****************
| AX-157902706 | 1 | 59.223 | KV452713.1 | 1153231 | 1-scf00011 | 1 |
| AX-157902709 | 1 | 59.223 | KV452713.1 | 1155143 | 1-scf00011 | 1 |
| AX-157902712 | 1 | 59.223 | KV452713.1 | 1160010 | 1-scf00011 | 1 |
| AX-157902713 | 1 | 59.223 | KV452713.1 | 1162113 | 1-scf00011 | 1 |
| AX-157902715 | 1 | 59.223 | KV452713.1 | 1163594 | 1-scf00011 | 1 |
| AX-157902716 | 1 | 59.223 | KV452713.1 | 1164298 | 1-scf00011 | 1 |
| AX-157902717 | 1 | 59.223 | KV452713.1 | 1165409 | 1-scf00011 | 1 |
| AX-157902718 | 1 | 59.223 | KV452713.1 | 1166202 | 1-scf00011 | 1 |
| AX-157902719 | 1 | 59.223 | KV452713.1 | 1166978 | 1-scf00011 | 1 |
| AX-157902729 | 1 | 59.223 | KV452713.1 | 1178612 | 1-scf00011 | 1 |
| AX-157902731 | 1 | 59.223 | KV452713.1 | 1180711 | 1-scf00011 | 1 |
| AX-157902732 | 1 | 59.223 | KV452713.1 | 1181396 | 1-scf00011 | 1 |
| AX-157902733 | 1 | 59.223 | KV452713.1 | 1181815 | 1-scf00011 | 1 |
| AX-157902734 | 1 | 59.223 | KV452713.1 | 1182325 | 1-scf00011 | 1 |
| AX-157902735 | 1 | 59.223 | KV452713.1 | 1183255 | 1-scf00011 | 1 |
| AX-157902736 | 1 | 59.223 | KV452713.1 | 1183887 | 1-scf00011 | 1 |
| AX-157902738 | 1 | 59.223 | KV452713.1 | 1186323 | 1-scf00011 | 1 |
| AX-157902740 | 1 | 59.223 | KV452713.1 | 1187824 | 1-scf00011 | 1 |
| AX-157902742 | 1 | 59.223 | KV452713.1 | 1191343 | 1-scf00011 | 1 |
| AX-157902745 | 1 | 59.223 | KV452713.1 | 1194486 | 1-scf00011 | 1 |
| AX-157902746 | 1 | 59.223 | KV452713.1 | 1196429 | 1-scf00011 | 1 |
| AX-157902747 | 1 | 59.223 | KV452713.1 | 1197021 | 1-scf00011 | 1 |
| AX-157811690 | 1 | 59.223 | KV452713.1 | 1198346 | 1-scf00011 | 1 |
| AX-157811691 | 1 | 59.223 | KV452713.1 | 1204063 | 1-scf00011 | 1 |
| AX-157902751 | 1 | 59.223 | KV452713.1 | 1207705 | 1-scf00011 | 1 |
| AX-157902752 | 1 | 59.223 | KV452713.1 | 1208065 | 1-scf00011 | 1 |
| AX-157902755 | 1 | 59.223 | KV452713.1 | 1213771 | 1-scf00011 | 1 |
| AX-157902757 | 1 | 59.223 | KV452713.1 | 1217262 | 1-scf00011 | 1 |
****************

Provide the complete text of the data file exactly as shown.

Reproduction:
| AX-157902706 | 1 | 59.223 | KV452713.1 | 1153231 | 1-scf00011 | 1 |
| AX-157902709 | 1 | 59.223 | KV452713.1 | 1155143 | 1-scf00011 | 1 |
| AX-157902712 | 1 | 59.223 | KV452713.1 | 1160010 | 1-scf00011 | 1 |
| AX-157902713 | 1 | 59.223 | KV452713.1 | 1162113 | 1-scf00011 | 1 |
| AX-157902715 | 1 | 59.223 | KV452713.1 | 1163594 | 1-scf00011 | 1 |
| AX-157902716 | 1 | 59.223 | KV452713.1 | 1164298 | 1-scf00011 | 1 |
| AX-157902717 | 1 | 59.223 | KV452713.1 | 1165409 | 1-scf00011 | 1 |
| AX-157902718 | 1 | 59.223 | KV452713.1 | 1166202 | 1-scf00011 | 1 |
| AX-157902719 | 1 | 59.223 | KV452713.1 | 1166978 | 1-scf00011 | 1 |
| AX-157902729 | 1 | 59.223 | KV452713.1 | 1178612 | 1-scf00011 | 1 |
| AX-157902731 | 1 | 59.223 | KV452713.1 | 1180711 | 1-scf00011 | 1 |
| AX-157902732 | 1 | 59.223 | KV452713.1 | 1181396 | 1-scf00011 | 1 |
| AX-157902733 | 1 | 59.223 | KV452713.1 | 1181815 | 1-scf00011 | 1 |
| AX-157902734 | 1 | 59.223 | KV452713.1 | 1182325 | 1-scf00011 | 1 |
| AX-157902735 | 1 | 59.223 | KV452713.1 | 1183255 | 1-scf00011 | 1 |
| AX-157902736 | 1 | 59.223 | KV452713.1 | 1183887 | 1-scf00011 | 1 |
| AX-157902738 | 1 | 59.223 | KV452713.1 | 1186323 | 1-scf00011 | 1 |
| AX-157902740 | 1 | 59.223 | KV452713.1 | 1187824 | 1-scf00011 | 1 |
| AX-157902742 | 1 | 59.223 | KV452713.1 | 1191343 | 1-scf00011 | 1 |
| AX-157902745 | 1 | 59.223 | KV452713.1 | 1194486 | 1-scf00011 | 1 |
| AX-157902746 | 1 | 59.223 | KV452713.1 | 1196429 | 1-scf00011 | 1 |
| AX-157902747 | 1 | 59.223 | KV452713.1 | 1197021 | 1-scf00011 | 1 |
| AX-157811690 | 1 | 59.223 | KV452713.1 | 1198346 | 1-scf00011 | 1 |
| AX-157811691 | 1 | 59.223 | KV452713.1 | 1204063 | 1-scf00011 | 1 |
| AX-157902751 | 1 | 59.223 | KV452713.1 | 1207705 | 1-scf00011 | 1 |
| AX-157902752 | 1 | 59.223 | KV452713.1 | 1208065 | 1-scf00011 | 1 |
| AX-157902755 | 1 | 59.223 | KV452713.1 | 1213771 | 1-scf00011 | 1 |
| AX-157902757 | 1 | 59.223 | KV452713.1 | 1217262 | 1-scf00011 | 1 |